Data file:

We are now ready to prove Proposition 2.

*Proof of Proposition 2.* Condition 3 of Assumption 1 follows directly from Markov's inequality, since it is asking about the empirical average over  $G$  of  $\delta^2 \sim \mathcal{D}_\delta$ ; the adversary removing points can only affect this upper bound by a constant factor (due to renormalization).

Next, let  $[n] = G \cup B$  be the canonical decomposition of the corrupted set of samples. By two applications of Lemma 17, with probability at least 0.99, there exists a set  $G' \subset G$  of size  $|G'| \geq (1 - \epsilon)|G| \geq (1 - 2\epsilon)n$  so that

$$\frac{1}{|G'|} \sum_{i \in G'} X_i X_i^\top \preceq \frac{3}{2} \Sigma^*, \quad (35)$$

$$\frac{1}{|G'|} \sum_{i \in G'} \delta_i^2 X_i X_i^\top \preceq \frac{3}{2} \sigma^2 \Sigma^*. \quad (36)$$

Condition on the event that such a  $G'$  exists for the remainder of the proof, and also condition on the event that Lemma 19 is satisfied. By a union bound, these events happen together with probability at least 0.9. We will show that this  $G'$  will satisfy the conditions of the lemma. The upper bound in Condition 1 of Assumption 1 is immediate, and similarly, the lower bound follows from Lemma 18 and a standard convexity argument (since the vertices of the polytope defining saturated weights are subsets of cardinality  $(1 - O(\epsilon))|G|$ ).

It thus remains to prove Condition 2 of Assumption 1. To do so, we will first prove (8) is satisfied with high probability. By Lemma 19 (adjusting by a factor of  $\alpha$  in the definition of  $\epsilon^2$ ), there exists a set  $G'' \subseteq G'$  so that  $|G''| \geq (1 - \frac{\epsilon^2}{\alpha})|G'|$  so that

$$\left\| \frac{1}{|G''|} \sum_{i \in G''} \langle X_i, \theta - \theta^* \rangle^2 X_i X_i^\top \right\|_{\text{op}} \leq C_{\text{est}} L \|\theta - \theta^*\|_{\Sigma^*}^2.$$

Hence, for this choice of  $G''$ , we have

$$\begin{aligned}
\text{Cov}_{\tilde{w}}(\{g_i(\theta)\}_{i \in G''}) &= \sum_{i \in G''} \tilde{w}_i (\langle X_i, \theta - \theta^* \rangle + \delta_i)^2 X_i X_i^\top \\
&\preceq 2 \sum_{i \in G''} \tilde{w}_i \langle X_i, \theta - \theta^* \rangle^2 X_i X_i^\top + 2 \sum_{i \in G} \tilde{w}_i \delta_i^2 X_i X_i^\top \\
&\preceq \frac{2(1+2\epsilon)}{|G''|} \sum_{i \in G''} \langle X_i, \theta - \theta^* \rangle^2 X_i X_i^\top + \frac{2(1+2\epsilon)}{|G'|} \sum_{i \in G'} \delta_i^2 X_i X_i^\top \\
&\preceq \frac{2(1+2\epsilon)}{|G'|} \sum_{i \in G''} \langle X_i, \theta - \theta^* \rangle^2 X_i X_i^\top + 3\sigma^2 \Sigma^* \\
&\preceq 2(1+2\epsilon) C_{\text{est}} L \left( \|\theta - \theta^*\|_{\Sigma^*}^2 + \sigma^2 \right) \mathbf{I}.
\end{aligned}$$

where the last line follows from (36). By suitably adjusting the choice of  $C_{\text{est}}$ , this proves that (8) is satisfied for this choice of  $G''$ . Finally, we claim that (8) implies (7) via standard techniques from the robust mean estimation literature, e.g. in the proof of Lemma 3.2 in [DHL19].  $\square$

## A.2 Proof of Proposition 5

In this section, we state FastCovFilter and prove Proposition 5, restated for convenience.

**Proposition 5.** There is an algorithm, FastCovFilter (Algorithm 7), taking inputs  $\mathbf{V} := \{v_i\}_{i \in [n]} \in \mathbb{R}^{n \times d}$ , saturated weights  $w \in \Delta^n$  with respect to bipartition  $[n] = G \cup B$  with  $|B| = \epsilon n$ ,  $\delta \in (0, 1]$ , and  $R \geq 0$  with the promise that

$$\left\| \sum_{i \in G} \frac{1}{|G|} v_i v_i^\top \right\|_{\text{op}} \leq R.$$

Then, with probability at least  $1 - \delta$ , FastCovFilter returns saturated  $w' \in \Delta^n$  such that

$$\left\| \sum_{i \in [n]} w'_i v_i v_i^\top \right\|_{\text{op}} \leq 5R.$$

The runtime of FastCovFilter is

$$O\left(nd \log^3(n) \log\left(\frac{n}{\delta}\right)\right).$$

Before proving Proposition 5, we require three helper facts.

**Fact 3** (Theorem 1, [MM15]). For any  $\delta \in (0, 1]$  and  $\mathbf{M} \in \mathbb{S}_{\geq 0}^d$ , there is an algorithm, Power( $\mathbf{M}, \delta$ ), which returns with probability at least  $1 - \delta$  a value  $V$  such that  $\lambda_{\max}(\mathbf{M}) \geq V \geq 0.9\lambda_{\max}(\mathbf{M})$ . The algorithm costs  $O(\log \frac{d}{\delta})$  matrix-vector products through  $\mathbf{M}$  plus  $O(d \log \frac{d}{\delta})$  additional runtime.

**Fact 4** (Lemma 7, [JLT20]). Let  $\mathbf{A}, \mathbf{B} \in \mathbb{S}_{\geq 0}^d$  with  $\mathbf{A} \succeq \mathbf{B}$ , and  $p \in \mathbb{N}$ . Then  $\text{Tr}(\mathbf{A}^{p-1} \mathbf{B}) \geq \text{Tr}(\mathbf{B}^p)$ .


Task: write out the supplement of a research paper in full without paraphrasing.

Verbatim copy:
We are now ready to prove Proposition 2.

*Proof of Proposition 2.* Condition 3 of Assumption 1 follows directly from Markov's inequality, since it is asking about the empirical average over  $G$  of  $\delta^2 \sim \mathcal{D}_\delta$ ; the adversary removing points can only affect this upper bound by a constant factor (due to renormalization).

Next, let  $[n] = G \cup B$  be the canonical decomposition of the corrupted set of samples. By two applications of Lemma 17, with probability at least 0.99, there exists a set  $G' \subset G$  of size  $|G'| \geq (1 - \epsilon)|G| \geq (1 - 2\epsilon)n$  so that

$$\frac{1}{|G'|} \sum_{i \in G'} X_i X_i^\top \preceq \frac{3}{2} \Sigma^*, \quad (35)$$

$$\frac{1}{|G'|} \sum_{i \in G'} \delta_i^2 X_i X_i^\top \preceq \frac{3}{2} \sigma^2 \Sigma^*. \quad (36)$$

Condition on the event that such a  $G'$  exists for the remainder of the proof, and also condition on the event that Lemma 19 is satisfied. By a union bound, these events happen together with probability at least 0.9. We will show that this  $G'$  will satisfy the conditions of the lemma. The upper bound in Condition 1 of Assumption 1 is immediate, and similarly, the lower bound follows from Lemma 18 and a standard convexity argument (since the vertices of the polytope defining saturated weights are subsets of cardinality  $(1 - O(\epsilon))|G|$ ).

It thus remains to prove Condition 2 of Assumption 1. To do so, we will first prove (8) is satisfied with high probability. By Lemma 19 (adjusting by a factor of  $\alpha$  in the definition of  $\epsilon^2$ ), there exists a set  $G'' \subseteq G'$  so that  $|G''| \geq (1 - \frac{\epsilon^2}{\alpha})|G'|$  so that

$$\left\| \frac{1}{|G''|} \sum_{i \in G''} \langle X_i, \theta - \theta^* \rangle^2 X_i X_i^\top \right\|_{\text{op}} \leq C_{\text{est}} L \|\theta - \theta^*\|_{\Sigma^*}^2.$$

Hence, for this choice of  $G''$ , we have

$$\begin{aligned}
\text{Cov}_{\tilde{w}}(\{g_i(\theta)\}_{i \in G''}) &= \sum_{i \in G''} \tilde{w}_i (\langle X_i, \theta - \theta^* \rangle + \delta_i)^2 X_i X_i^\top \\
&\preceq 2 \sum_{i \in G''} \tilde{w}_i \langle X_i, \theta - \theta^* \rangle^2 X_i X_i^\top + 2 \sum_{i \in G} \tilde{w}_i \delta_i^2 X_i X_i^\top \\
&\preceq \frac{2(1+2\epsilon)}{|G''|} \sum_{i \in G''} \langle X_i, \theta - \theta^* \rangle^2 X_i X_i^\top + \frac{2(1+2\epsilon)}{|G'|} \sum_{i \in G'} \delta_i^2 X_i X_i^\top \\
&\preceq \frac{2(1+2\epsilon)}{|G'|} \sum_{i \in G''} \langle X_i, \theta - \theta^* \rangle^2 X_i X_i^\top + 3\sigma^2 \Sigma^* \\
&\preceq 2(1+2\epsilon) C_{\text{est}} L \left( \|\theta - \theta^*\|_{\Sigma^*}^2 + \sigma^2 \right) \mathbf{I}.
\end{aligned}$$

where the last line follows from (36). By suitably adjusting the choice of  $C_{\text{est}}$ , this proves that (8) is satisfied for this choice of  $G''$ . Finally, we claim that (8) implies (7) via standard techniques from the robust mean estimation literature, e.g. in the proof of Lemma 3.2 in [DHL19].  $\square$

## A.2 Proof of Proposition 5

In this section, we state FastCovFilter and prove Proposition 5, restated for convenience.

**Proposition 5.** There is an algorithm, FastCovFilter (Algorithm 7), taking inputs  $\mathbf{V} := \{v_i\}_{i \in [n]} \in \mathbb{R}^{n \times d}$ , saturated weights  $w \in \Delta^n$  with respect to bipartition  $[n] = G \cup B$  with  $|B| = \epsilon n$ ,  $\delta \in (0, 1]$ , and  $R \geq 0$  with the promise that

$$\left\| \sum_{i \in G} \frac{1}{|G|} v_i v_i^\top \right\|_{\text{op}} \leq R.$$

Then, with probability at least  $1 - \delta$ , FastCovFilter returns saturated  $w' \in \Delta^n$  such that

$$\left\| \sum_{i \in [n]} w'_i v_i v_i^\top \right\|_{\text{op}} \leq 5R.$$

The runtime of FastCovFilter is

$$O\left(nd \log^3(n) \log\left(\frac{n}{\delta}\right)\right).$$

Before proving Proposition 5, we require three helper facts.

**Fact 3** (Theorem 1, [MM15]). For any  $\delta \in (0, 1]$  and  $\mathbf{M} \in \mathbb{S}_{\geq 0}^d$ , there is an algorithm, Power( $\mathbf{M}, \delta$ ), which returns with probability at least  $1 - \delta$  a value  $V$  such that  $\lambda_{\max}(\mathbf{M}) \geq V \geq 0.9\lambda_{\max}(\mathbf{M})$ . The algorithm costs  $O(\log \frac{d}{\delta})$  matrix-vector products through  $\mathbf{M}$  plus  $O(d \log \frac{d}{\delta})$  additional runtime.

**Fact 4** (Lemma 7, [JLT20]). Let  $\mathbf{A}, \mathbf{B} \in \mathbb{S}_{\geq 0}^d$  with  $\mathbf{A} \succeq \mathbf{B}$ , and  $p \in \mathbb{N}$ . Then  $\text{Tr}(\mathbf{A}^{p-1} \mathbf{B}) \geq \text{Tr}(\mathbf{B}^p)$ .